This blog is a collection of my thoughts and experiences from ten years as a skate dad. For those of you sitting with your jackets in the bleachers, first I salute you, but second I want to give you an honest sense of what you are in for and what to expect. Ice skating is both a trying and a glorious sport, but it doesn't happen without the special group of folks who cheer, support, and console the participants. This is dedicated to you.
Monday, February 20, 2017
Xan raised more than a few of my hackles with her recent post about how parents (and hockey coaches) feel about whether boys should figure skate. She posits that the correlation of homosexuality with the arts is what adults perceive as a "risk" to encouraging their young boy to figure skate. Frankly I think this oversimplification misses many subtle interplays between a young boy, his sexual desires, his current muse, each of his parents individually, society, and how the male side of the sport works. I am not doubting that -sometimes- what she observes is true, just that, well, things are complicated.
Firstly many parents do feel that the male side of the sport is effeminate because of how it is currently taught and skated. It doesn't have to be this way, but when the typical parent wanders into the average rink, if there are any male figure skaters on the ice at all, they are skating like a girl -- they are attempting to be graceful. Why? It is certainly possible to skate like a guy.
Secondly what's wrong with a guy skating gracefully? Some guys just express a more sensitive feminine side than other men. Hey big news: some ladies act more macho than other gals. So you know what? Get over it. Your kid will join whatever clique of friends they're comfortable with.
But back for a minute on the culture of graceful male figure skating. You know it would seem totally reasonable to me if they split the men's singles into something like male solo dance and male solo "dynamics". Solo dance could be for the graceful guys, and Dynamics could appeal to the, uh, shredder set. Skateboarders, snowboarders and such. I don't know maybe you could install Teflon jump ramps and ask the guys to wear wristguards or something: X-games for skaters.
Thirdly I think nearly all parents have little to no problem with their boy skating as part of a team, either in dance or in pairs. There's plenty of precedence for suave male partners, and I don't think many parents would have a problem with their son developing some competent dance skills.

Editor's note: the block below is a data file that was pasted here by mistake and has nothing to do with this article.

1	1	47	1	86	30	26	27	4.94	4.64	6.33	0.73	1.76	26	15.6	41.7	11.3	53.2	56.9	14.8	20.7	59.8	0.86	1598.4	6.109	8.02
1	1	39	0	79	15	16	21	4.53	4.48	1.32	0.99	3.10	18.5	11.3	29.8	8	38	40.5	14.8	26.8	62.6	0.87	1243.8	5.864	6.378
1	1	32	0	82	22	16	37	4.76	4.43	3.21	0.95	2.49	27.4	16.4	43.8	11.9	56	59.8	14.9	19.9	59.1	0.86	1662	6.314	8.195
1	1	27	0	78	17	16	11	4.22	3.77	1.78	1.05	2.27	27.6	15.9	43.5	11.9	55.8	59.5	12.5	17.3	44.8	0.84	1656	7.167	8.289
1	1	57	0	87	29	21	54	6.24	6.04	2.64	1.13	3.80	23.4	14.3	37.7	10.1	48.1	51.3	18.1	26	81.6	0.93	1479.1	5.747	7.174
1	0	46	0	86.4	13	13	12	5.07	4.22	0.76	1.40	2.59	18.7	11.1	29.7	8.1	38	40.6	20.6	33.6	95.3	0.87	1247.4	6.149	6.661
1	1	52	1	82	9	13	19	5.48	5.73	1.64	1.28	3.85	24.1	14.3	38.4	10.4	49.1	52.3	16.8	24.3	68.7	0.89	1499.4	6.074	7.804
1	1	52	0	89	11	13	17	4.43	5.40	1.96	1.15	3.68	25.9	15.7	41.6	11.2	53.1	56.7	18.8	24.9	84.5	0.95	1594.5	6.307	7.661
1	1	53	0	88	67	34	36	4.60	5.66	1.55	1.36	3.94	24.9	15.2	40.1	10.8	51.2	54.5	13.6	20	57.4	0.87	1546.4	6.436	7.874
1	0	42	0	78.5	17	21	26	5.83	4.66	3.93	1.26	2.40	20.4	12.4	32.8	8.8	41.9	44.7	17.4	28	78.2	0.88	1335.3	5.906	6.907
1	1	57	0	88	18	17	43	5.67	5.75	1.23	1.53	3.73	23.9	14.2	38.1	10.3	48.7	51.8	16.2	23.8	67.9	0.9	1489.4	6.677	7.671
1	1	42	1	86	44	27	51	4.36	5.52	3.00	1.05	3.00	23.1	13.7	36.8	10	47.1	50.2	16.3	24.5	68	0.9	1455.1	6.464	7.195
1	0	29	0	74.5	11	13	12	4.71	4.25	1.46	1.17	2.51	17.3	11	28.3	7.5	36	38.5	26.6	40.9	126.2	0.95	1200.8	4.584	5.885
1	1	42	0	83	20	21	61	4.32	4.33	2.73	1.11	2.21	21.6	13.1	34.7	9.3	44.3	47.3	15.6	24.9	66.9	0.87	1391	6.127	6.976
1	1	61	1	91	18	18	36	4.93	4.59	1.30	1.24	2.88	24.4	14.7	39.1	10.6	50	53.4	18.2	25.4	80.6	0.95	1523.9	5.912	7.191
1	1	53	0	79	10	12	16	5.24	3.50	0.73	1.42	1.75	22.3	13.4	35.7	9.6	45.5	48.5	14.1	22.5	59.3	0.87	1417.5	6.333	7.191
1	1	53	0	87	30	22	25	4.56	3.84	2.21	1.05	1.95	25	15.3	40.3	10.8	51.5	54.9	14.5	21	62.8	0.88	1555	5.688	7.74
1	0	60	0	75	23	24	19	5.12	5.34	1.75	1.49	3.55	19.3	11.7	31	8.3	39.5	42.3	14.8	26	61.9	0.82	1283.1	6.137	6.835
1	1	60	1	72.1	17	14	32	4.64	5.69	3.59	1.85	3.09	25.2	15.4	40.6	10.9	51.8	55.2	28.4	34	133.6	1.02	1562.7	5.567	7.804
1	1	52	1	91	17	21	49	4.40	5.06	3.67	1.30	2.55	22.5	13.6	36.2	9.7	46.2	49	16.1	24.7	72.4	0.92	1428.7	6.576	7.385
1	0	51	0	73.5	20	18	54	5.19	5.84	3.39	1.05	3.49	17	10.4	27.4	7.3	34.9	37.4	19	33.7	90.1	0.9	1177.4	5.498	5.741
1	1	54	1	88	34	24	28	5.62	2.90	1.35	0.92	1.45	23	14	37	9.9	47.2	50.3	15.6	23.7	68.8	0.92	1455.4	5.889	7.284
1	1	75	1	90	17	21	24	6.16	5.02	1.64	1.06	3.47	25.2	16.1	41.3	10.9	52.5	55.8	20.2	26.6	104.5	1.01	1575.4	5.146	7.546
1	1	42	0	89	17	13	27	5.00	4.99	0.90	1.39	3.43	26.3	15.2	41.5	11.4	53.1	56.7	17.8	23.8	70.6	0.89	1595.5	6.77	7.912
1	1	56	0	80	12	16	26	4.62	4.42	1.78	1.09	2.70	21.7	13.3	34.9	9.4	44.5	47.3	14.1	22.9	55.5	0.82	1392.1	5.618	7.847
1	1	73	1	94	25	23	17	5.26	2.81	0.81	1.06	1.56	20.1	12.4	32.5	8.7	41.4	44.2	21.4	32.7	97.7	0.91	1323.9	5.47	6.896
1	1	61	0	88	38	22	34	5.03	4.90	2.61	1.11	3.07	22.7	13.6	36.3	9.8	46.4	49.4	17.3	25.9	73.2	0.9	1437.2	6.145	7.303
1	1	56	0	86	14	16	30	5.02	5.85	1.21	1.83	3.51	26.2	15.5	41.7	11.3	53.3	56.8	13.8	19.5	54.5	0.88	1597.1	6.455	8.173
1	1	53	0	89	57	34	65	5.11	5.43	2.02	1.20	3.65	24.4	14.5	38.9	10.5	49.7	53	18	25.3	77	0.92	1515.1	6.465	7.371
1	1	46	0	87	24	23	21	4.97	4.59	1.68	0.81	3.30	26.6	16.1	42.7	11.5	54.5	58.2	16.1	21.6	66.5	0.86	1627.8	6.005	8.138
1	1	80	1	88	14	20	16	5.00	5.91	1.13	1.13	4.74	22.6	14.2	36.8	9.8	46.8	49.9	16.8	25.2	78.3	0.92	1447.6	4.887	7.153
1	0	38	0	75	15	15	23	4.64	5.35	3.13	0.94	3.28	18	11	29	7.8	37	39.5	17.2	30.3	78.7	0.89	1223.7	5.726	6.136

Fourthly though if I had a young precocious son I might yes actually discourage him from attempting a -solo- endeavor, but for completely different reasons than homophobia. For one thing there are far too many intelligent athletic adorable gals at the rink. This isn't a problem when your son is 6 years old but when they are 14? Hello! Next if my kid wanted to solo skate l'd want to make sure that the rink had a coach to show him how to exhibit some "class" on the ice. At most rinks this would seem to be a problem.
Finally just as an obvious stickler, how you skate has nothing to do with who you're attracted to physically. Many sensitive guys still want to only bed a gal, and a few guys who you'd take for macho are rather kinky. And neither one has anything to do with your skating style.
The best way to get more men in the (singles) sport is to judge and teach the men's side of the sport differently. Guy's single figure skating is a different sport than women's, and it would likely help if it could be segregated off entirely.
Monday, February 6, 2017
Most clubs I've been around sponsor some exhibition skates and even a holiday program or two. Showcases may include some duets, ice theater, some dramatic and comedic skates, master exhibition skates, and even some extemporaneous skate challenges.
Additionally the rink management may decorate for a public holiday event. You may already feel a little put out by the demands of freestyle and competitions, and your holidays are likely busy on top of that, but I still encourage you to partake of both the club's and the rink's festivities.
One of my fondest memories is from when our rink sponsored a public-session Halloween bash. I can't skate, but I dressed up anyhow as Frankenstein and sat in the hockey dugout to scare and hand out candy to the little kids.
For a skater, shows and holidays are terrific occasions to socialize and show off a bit without any competitive pressure. For a parent it provides an opportunity to demonstrate friendly support for the general skating community.